The analysis of the macro-economic development of selected candidate countries in the period of 1999 – 2001 was provided, as well. The author based her conclusion on the international statistics and in connection with it concluded her opinion that macro-economic development of selected candidate countries during 1999 – 2001 was very solid. The experience of two countries (the SR and the CR) has been expressed in the Analysis: the development of both the SR and the CR was balanced and solid, as well.
Ján POKRIVČÁK – Johan F. M. SVINNEN – Harry de GORTER
The Common Agricultural Policy (CAP) of the European Union (EU) has protected European farmers while distorting world markets and creating a major problem for the European Community’s budget. The primary objective of the CAP is to redistribute income from the non-farm sector to farmers. Commodity price supports with import barriers and export subsidies (along with output controls) have been the most common means used by the CAP to achieve this objective. A common support price to all countries is the cornerstone of the CAP. The EU’s price support mechanism implies two types of income transfers to farmers: a transfer from consumers and taxpayers to farmers and a transfer from one country to another. The former type of transfer is accomplished through transfers to farmers from consumers who pay higher prices than they otherwise would with import levies and sometimes alternative forms of production controls, and from taxpayers who finance production and export subsidies and other policy instruments dealing with excess production. Inter-country transfers occur indirectly because of the “financial solidarity” in financing the CAP with the common budget and of net positive and negative trade positions between countries. Contributions to the common budget consist of revenues from import duties, producer levies, and contributions from member states as a per cent of their value-added tax (VAT) base. After 1988, budget revenues are determined as a factor of gross domestic product (GDP), depending on the amount needed to balance the budget. An individual country’s benefit from the CAP depends on the sectors obtaining subsidies, the country’s net trade position (reflecting consumer transfers from one country to farmers in another) and the relative size of that country’s production relative to total production in the EU.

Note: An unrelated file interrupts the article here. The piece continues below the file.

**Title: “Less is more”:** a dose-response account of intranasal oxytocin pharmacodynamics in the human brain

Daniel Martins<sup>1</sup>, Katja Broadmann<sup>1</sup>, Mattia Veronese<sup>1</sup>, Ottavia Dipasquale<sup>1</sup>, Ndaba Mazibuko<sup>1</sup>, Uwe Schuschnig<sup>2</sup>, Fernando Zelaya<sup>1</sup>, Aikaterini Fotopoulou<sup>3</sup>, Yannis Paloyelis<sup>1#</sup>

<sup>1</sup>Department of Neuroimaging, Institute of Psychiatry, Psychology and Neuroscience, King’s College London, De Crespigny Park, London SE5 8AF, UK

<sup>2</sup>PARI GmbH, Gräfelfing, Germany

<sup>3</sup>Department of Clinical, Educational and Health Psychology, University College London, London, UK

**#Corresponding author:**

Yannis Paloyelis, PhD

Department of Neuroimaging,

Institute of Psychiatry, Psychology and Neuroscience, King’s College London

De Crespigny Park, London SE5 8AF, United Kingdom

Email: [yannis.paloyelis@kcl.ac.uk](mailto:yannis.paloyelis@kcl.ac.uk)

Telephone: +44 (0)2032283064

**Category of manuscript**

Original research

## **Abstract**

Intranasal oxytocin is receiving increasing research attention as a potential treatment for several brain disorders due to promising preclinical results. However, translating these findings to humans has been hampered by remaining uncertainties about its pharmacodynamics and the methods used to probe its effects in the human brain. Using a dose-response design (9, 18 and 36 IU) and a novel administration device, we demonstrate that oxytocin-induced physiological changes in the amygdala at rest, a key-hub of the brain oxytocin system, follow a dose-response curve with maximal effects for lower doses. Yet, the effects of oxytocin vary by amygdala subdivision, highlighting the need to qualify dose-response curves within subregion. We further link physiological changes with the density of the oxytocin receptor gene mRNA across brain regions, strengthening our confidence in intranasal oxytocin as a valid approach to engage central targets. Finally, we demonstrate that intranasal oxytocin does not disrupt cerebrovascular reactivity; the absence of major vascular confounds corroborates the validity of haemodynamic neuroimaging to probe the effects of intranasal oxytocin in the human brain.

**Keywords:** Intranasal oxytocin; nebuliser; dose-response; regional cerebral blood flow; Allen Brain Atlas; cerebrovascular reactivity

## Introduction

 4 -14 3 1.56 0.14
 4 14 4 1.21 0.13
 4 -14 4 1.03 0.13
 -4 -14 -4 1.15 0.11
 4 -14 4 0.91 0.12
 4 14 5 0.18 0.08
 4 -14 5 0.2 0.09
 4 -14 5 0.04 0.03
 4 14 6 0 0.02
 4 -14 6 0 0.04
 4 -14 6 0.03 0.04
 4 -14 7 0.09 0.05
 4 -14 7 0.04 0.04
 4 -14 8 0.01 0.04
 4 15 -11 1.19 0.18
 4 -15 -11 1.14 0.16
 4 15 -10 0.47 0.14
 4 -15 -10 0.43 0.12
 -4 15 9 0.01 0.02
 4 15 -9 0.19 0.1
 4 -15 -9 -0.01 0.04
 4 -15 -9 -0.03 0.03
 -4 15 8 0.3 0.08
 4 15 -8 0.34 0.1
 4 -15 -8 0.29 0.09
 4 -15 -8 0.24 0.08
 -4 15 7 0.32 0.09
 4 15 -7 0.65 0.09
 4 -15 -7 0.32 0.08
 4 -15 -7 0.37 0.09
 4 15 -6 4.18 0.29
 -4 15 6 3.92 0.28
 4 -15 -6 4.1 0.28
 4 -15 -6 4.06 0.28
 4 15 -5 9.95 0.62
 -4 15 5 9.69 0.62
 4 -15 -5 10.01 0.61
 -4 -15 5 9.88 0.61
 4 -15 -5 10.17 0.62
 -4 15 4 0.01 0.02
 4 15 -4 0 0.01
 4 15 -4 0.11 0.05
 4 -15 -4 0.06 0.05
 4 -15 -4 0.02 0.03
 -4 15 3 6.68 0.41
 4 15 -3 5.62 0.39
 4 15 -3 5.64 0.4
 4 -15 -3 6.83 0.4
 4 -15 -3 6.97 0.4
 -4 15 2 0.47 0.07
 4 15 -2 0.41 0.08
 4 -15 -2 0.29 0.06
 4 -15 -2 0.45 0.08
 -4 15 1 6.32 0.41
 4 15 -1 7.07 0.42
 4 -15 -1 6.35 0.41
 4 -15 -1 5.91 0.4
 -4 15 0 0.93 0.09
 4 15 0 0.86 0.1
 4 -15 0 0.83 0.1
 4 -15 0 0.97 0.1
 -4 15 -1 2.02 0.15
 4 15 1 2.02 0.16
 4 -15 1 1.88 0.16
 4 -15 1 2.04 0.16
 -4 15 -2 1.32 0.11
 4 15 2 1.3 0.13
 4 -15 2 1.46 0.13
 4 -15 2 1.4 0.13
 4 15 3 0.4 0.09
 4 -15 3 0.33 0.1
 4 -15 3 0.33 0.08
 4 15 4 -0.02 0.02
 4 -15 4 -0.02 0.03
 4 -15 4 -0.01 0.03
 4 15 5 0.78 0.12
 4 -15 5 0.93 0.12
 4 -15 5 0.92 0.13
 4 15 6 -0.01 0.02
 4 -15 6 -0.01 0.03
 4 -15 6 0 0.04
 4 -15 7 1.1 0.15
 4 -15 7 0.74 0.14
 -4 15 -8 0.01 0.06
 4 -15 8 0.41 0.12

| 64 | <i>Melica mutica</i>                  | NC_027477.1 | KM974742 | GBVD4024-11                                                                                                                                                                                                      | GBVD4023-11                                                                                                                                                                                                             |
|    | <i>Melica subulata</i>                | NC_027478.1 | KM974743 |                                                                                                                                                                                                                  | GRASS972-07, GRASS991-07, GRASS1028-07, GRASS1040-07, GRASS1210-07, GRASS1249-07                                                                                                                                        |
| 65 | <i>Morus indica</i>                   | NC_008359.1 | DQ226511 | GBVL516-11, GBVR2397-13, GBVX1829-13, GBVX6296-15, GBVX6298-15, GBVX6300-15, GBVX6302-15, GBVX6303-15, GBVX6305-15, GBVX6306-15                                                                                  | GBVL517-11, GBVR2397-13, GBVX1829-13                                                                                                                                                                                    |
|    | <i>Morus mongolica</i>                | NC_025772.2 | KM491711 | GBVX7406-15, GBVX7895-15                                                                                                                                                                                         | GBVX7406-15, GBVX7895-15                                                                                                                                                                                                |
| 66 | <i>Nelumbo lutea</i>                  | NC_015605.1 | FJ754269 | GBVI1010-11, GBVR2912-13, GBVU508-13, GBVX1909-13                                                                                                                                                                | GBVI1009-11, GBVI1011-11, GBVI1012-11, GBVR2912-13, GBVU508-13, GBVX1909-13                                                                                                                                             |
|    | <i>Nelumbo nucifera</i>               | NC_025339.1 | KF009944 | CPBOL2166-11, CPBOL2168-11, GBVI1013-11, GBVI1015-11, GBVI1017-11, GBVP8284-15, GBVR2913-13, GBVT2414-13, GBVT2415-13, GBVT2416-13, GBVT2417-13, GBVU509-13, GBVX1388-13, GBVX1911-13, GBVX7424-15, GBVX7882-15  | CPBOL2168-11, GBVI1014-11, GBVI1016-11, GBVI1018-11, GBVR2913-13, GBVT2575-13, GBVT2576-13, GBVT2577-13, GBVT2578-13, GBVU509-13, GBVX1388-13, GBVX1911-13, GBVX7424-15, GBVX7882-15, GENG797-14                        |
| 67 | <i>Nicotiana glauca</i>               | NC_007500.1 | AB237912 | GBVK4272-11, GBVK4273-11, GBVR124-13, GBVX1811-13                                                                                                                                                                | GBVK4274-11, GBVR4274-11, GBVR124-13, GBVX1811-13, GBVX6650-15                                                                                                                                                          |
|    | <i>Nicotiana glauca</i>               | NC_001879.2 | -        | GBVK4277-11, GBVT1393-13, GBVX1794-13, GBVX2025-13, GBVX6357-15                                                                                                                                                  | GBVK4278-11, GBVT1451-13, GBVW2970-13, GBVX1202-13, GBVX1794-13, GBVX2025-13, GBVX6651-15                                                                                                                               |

The decision-making on the CAP is institutionally complex. The European Commission and the Council of Agricultural Ministers play an important role in decision-making on the CAP. The latter are strongly influenced in their positions by pressure from interest groups in their countries.
In our paper we develop a two-stage political economy model that explicitly models the complexity of decision-making in the EU on the CAP, and use the model to investigate the impact of accession of Central and East European Countries into the EU.
In the first stage (which takes place at the member state level) national governments choose their optimum amount of protection of domestic farmers through the CAP, reflec-ting preferences and differential influences of voters and interest groups. In the second stage (which takes place at EU level), we model the CAP decision-making. European Commission proposes a policy position and Council of Ministers votes on the proposal whereby the voting of each minister is determined by the politically optimal policies for the government the minister represents. The impact of simple majority voting and qualified majority voting on the final common outcome are discussed.